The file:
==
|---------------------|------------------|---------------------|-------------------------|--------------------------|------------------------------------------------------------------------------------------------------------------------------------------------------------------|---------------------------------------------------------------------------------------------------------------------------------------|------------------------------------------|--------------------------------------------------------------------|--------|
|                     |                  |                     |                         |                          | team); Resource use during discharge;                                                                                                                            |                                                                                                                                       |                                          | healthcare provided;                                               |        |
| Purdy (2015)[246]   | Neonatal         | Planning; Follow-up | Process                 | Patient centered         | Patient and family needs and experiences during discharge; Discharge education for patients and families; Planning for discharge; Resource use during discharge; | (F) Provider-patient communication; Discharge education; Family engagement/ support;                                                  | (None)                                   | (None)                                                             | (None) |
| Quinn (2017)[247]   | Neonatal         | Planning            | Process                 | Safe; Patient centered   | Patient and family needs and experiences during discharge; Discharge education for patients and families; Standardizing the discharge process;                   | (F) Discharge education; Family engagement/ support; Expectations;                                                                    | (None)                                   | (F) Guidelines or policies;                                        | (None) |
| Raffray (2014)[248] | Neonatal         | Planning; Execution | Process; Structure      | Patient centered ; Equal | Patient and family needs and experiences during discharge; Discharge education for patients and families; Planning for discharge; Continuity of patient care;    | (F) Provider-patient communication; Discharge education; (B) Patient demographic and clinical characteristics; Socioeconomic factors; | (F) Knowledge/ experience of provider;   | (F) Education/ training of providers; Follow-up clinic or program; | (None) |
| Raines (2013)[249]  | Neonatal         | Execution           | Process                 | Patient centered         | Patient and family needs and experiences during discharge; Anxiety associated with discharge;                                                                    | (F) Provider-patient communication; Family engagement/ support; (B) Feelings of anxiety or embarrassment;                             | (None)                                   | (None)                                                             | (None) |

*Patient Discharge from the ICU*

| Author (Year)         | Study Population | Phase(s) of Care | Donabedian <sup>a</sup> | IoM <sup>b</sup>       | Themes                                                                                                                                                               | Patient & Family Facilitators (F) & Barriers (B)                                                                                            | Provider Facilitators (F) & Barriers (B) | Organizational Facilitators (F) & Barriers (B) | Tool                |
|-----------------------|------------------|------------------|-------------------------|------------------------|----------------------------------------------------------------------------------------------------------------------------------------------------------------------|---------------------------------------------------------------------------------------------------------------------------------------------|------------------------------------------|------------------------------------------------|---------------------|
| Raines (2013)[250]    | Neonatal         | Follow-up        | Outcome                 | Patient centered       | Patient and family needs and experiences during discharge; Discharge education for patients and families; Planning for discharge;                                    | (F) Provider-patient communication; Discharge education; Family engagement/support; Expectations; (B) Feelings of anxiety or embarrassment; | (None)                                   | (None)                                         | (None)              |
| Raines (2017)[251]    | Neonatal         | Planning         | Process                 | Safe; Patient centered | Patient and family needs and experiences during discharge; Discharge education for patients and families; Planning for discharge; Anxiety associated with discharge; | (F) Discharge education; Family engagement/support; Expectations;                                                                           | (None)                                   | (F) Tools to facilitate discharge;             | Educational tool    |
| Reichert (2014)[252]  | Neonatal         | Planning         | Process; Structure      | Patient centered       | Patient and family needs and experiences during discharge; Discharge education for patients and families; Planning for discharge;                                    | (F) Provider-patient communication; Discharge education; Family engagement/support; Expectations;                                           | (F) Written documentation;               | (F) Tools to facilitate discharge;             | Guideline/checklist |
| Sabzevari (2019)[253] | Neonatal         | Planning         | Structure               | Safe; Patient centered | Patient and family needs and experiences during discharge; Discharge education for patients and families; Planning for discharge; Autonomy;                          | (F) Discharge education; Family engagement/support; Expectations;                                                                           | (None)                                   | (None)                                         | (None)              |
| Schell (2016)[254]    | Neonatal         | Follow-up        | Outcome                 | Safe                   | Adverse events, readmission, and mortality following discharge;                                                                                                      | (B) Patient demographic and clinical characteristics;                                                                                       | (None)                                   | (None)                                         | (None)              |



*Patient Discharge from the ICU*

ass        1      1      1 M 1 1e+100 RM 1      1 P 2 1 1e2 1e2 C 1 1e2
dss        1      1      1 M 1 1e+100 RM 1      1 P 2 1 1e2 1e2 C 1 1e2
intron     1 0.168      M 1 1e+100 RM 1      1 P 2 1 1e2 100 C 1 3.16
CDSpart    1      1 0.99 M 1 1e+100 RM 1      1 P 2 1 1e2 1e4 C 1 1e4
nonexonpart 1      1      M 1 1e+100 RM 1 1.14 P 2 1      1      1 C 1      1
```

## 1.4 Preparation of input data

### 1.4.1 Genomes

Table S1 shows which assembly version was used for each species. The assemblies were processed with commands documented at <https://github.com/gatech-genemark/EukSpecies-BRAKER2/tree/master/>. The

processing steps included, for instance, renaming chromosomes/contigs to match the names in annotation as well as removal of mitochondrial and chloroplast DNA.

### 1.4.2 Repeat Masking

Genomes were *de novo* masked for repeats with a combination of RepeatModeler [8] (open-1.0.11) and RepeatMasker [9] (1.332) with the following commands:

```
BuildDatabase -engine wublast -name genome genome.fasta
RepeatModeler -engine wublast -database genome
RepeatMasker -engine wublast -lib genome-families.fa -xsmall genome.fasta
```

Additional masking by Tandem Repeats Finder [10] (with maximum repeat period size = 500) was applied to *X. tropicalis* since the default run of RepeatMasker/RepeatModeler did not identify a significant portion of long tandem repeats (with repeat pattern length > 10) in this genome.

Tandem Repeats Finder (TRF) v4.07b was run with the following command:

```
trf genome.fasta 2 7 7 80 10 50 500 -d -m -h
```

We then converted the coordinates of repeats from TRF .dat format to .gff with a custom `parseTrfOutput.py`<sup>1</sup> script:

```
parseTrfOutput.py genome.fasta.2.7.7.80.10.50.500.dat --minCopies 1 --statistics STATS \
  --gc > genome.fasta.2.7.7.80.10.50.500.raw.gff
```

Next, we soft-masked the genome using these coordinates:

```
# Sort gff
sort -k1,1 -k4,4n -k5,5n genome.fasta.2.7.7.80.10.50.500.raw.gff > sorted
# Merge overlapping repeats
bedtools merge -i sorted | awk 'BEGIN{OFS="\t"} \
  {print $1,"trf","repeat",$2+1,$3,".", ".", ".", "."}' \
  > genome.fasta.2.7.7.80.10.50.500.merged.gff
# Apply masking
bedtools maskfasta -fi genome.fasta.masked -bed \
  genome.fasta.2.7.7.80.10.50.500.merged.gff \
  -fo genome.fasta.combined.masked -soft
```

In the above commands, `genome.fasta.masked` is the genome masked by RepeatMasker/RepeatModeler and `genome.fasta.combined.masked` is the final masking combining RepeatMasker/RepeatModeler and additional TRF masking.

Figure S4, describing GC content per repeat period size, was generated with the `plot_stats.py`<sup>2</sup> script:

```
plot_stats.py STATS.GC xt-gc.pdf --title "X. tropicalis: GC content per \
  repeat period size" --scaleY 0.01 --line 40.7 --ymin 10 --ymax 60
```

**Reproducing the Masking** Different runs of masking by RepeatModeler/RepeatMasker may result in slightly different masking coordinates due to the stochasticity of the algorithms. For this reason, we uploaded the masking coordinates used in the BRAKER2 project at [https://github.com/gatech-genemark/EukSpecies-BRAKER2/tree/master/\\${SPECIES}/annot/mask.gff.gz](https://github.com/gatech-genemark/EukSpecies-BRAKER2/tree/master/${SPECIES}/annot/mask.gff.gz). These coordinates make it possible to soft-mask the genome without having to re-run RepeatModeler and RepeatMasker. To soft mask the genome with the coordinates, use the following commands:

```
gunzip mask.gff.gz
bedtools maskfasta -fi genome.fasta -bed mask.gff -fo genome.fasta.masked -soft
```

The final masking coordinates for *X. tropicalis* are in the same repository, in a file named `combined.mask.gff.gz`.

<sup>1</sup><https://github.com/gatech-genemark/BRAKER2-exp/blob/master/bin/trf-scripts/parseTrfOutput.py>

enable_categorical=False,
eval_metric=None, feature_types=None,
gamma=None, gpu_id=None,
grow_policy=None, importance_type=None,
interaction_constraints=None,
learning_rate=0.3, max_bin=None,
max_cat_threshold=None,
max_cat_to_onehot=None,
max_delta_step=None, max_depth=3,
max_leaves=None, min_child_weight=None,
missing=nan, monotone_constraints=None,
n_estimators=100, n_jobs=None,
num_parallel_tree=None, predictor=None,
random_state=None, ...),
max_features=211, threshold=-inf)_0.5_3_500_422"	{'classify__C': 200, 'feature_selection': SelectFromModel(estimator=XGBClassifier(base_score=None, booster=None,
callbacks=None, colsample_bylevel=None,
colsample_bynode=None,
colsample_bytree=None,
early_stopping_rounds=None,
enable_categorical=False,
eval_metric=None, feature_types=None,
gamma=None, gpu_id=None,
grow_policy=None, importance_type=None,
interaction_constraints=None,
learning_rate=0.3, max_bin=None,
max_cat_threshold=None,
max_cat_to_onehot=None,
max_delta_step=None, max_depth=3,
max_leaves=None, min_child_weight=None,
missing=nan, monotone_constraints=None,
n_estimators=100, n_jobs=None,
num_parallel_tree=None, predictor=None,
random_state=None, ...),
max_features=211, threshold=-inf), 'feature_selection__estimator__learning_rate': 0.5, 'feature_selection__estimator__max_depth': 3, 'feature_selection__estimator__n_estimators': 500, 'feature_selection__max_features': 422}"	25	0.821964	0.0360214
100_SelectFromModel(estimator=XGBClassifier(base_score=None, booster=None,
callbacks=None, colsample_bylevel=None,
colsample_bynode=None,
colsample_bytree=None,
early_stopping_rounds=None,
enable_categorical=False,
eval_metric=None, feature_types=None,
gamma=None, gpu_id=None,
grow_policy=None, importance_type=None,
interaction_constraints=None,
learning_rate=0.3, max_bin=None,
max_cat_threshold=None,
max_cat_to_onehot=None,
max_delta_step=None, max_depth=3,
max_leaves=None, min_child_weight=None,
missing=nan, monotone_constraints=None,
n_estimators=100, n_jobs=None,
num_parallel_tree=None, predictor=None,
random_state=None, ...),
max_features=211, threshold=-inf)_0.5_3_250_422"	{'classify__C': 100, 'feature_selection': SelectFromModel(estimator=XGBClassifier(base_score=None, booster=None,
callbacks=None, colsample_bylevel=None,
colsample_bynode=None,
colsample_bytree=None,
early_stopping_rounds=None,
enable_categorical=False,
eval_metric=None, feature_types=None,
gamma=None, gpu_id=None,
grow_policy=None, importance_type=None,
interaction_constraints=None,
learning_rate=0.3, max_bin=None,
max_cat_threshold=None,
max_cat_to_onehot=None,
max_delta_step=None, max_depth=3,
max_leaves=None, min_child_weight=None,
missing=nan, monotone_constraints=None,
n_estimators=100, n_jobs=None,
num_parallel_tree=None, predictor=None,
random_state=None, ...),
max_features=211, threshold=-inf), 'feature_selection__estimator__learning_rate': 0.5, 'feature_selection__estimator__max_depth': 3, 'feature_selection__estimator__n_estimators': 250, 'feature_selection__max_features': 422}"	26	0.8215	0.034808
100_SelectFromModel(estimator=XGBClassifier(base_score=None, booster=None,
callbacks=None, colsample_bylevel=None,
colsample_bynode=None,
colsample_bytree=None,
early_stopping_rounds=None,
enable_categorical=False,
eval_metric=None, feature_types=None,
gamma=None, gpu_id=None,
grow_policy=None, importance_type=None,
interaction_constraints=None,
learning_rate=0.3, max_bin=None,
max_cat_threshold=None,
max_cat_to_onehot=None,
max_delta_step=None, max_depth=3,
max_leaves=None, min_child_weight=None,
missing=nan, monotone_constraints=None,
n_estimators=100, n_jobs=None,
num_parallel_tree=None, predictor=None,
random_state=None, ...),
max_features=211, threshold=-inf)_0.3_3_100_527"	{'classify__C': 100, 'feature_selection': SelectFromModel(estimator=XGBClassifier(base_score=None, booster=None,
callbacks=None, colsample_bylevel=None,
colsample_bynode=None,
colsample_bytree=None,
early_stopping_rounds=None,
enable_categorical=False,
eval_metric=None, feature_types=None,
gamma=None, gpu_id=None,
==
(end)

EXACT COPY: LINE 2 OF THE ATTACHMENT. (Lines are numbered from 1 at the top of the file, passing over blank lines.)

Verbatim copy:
|                     |                  |                     |                         |                          | team); Resource use during discharge;                                                                                                                            |                                                                                                                                       |                                          | healthcare provided;                                               |        |